How long can an “alt” attribute be?
The HTML (Hypertext Markup Language)specification does not define a maximum length for “alt” attributes. Current versions of the leading screen reader programs have no limits on the amount of alternate text they will read. However, Freedom Scientific JAWS divides the “alt” attribute into distinct chunks of 125 characters each (excluding spaces), and reads them each separately as if they were separate graphics. This behavior, though it ultimately provides access to the entire “alt” attribute, can be confusing for the user. Also, keep in mind that “alt” attributes additionally benefit sighted users who have images disabled in their browser settings, perhaps in order to minimize download time. For these users, if the height and width of an image is specified, both Internet Explorer and Mozilla truncate the alternate text to fit within the size of the image placeholder. If no image width is specified, Internet Explorer displays the entire “alt” attribute on one line, which may result in a web page that is extraordinarily wide and disorienting.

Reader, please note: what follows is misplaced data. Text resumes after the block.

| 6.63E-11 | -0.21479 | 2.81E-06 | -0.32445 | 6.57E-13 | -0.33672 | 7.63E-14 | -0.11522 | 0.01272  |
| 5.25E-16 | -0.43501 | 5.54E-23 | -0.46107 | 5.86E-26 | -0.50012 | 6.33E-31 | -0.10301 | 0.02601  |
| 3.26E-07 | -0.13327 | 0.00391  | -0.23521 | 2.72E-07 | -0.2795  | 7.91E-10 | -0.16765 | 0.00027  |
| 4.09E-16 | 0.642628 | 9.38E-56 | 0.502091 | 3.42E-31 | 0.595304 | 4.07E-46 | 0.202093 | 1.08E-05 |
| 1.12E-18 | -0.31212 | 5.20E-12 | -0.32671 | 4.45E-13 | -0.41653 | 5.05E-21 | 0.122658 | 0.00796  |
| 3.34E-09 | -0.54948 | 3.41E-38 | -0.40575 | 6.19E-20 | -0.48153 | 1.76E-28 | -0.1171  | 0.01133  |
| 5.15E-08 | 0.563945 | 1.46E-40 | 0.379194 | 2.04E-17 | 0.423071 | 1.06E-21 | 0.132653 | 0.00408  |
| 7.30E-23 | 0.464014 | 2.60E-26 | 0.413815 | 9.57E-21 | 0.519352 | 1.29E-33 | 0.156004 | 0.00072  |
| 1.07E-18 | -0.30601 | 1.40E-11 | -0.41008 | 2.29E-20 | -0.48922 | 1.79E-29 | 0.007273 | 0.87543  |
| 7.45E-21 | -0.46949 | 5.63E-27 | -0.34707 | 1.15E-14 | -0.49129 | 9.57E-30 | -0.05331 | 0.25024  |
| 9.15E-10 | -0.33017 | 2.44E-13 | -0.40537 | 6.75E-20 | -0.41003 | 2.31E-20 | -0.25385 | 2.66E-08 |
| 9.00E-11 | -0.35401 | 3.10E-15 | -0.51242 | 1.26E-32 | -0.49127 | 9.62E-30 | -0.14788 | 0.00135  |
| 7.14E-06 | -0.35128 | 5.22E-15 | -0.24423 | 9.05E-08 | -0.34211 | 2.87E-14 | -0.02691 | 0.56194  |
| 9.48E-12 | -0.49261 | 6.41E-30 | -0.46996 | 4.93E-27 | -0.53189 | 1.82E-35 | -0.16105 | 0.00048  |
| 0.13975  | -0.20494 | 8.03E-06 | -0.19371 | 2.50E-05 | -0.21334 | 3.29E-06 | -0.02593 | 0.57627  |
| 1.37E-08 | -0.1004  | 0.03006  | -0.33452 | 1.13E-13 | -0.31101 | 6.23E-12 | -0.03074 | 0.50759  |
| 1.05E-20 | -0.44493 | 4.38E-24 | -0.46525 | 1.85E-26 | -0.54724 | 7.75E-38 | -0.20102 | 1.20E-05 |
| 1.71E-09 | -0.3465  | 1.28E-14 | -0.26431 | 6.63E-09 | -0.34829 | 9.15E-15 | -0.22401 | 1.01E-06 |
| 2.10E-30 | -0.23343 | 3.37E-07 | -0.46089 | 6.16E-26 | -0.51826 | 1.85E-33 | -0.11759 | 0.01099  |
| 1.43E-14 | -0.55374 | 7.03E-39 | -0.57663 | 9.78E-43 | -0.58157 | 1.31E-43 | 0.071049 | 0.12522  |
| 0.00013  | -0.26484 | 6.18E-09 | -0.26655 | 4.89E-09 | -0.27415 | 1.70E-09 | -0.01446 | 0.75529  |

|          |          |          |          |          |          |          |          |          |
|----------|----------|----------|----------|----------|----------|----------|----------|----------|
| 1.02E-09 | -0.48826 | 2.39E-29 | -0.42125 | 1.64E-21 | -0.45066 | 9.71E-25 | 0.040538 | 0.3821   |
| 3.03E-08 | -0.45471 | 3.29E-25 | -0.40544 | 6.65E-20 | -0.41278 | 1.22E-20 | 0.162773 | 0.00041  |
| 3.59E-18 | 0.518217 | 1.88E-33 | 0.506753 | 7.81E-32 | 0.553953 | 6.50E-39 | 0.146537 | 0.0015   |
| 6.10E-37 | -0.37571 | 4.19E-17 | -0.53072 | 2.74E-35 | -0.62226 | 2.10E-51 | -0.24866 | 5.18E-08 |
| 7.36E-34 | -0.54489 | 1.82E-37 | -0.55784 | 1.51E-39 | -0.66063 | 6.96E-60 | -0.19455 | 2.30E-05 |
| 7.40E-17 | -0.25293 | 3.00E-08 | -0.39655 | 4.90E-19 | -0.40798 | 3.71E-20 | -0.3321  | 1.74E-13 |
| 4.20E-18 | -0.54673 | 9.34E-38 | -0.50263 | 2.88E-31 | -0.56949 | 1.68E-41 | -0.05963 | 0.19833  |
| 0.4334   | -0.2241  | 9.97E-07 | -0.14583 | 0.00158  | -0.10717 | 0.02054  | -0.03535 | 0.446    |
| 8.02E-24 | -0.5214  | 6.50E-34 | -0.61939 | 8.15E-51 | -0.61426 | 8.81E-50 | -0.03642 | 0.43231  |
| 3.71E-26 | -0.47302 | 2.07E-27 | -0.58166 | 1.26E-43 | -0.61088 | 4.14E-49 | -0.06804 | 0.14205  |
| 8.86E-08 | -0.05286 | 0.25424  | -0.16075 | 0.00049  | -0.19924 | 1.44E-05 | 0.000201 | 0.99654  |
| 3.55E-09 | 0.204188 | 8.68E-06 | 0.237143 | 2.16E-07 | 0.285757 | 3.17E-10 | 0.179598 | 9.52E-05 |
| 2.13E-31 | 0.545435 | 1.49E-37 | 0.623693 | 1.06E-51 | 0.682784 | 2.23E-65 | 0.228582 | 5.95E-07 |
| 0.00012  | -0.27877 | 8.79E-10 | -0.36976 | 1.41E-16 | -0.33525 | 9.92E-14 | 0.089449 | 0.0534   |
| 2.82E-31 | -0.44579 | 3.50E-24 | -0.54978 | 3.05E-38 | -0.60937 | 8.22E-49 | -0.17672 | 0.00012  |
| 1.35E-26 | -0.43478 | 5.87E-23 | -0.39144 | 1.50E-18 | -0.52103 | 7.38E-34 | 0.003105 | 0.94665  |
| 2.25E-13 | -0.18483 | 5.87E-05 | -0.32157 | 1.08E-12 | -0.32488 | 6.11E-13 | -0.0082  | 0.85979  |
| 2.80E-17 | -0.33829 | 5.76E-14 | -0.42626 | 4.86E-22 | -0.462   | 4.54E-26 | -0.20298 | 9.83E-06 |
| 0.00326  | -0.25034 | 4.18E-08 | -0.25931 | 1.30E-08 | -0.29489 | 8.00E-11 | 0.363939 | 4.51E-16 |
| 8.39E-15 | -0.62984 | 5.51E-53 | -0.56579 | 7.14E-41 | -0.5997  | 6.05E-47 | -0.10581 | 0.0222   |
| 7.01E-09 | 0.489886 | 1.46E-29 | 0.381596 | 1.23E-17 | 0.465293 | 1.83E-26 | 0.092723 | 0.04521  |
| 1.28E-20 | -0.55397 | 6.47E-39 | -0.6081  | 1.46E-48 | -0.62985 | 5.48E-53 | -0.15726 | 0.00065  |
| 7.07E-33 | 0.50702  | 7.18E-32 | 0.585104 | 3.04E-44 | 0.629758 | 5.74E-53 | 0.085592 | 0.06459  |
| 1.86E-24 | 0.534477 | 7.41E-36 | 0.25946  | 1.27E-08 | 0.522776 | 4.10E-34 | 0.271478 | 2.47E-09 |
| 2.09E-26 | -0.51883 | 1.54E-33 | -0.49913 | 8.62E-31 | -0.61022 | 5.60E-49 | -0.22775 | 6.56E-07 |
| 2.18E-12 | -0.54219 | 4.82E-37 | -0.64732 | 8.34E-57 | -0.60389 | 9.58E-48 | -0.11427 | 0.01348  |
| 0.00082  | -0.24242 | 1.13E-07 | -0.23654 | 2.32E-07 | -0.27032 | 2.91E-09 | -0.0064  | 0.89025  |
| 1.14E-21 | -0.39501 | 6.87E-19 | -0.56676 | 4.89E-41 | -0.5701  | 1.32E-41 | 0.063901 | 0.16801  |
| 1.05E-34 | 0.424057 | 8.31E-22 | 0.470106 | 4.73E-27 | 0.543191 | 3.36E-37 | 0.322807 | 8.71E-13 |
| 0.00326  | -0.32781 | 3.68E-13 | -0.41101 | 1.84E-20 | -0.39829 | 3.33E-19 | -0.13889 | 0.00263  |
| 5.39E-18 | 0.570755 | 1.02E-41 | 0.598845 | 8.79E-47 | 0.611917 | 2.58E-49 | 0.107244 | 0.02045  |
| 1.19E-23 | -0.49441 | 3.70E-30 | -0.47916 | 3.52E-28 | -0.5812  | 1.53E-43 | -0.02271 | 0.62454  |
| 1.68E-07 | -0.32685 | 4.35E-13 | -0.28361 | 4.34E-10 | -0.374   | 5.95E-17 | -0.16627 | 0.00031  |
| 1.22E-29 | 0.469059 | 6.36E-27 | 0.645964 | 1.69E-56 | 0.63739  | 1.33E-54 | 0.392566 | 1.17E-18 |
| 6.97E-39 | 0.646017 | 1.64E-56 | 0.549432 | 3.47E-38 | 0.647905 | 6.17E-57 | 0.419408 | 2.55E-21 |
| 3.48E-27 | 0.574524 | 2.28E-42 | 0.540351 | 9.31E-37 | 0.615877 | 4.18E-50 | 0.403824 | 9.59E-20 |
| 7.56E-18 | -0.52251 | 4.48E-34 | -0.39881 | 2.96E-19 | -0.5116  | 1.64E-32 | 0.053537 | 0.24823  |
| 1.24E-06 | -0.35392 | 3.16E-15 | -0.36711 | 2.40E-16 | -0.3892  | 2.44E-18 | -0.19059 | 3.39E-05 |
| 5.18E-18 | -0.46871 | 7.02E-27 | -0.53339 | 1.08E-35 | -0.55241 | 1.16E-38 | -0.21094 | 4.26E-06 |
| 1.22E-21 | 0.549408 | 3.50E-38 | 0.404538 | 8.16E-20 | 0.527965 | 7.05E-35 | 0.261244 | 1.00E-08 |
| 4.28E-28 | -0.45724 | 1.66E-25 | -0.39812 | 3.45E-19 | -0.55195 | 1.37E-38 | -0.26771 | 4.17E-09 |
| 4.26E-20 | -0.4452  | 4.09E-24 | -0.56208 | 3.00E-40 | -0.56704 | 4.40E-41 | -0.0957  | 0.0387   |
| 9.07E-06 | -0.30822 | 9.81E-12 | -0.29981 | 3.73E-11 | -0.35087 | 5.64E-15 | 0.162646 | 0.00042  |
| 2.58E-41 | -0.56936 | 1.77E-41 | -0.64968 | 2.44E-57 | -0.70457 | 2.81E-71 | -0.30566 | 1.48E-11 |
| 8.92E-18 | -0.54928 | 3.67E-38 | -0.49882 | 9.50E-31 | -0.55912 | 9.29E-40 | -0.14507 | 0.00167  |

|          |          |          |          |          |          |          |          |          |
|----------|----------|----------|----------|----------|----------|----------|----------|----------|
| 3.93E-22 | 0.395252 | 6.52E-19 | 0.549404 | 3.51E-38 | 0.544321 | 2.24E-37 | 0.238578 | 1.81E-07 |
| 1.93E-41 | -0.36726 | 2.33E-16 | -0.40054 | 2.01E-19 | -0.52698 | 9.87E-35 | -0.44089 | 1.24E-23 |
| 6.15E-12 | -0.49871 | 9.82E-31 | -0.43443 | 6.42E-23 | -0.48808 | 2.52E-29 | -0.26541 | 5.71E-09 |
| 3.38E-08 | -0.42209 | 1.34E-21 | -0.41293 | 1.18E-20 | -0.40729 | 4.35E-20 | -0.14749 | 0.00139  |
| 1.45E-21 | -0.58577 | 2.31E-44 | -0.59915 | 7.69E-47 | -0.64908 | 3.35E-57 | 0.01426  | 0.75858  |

All of this provides technical justification for keeping the length of “alt” attributes to a minimum, at least shorter than 125 characters in order to avoid JAWS subdividing it. This simply reinforces a common request from screen reader users: Keep alternate text short and sweet. Alternate text should provide equivalent access to the content of an image, but must do so efficiently in order to avoid burdening screen reader users with extraneous information. For images that require more lengthy descriptions, the appropriate HTML attribute is not “alt” but “longdesc” (short for “long description”), which allows authors to provide a long description of an image on a separate page. This is particularly useful for complex images such as graphs and charts. Screen readers typically announce the presence of a long description when available, and provide users with the option of reading it.
How Many Words In ALT Text For Google, Yahoo + Bing?
Google seemed to count the first 16 words in the ALT tag (well.. the Alt tag is an HTML Attribute) – of the image on this page – in this instance and interestingly in the snippet Google uses it does seem to completely cut of the rest of the ALT
EDIT – that’s 16 words of 7 + 8 characters each. which might prove useful if you are using ALT tags to describe complex images.
That’s potentially plenty of space to describe images properly for accessibility purposes and seo effectiveness.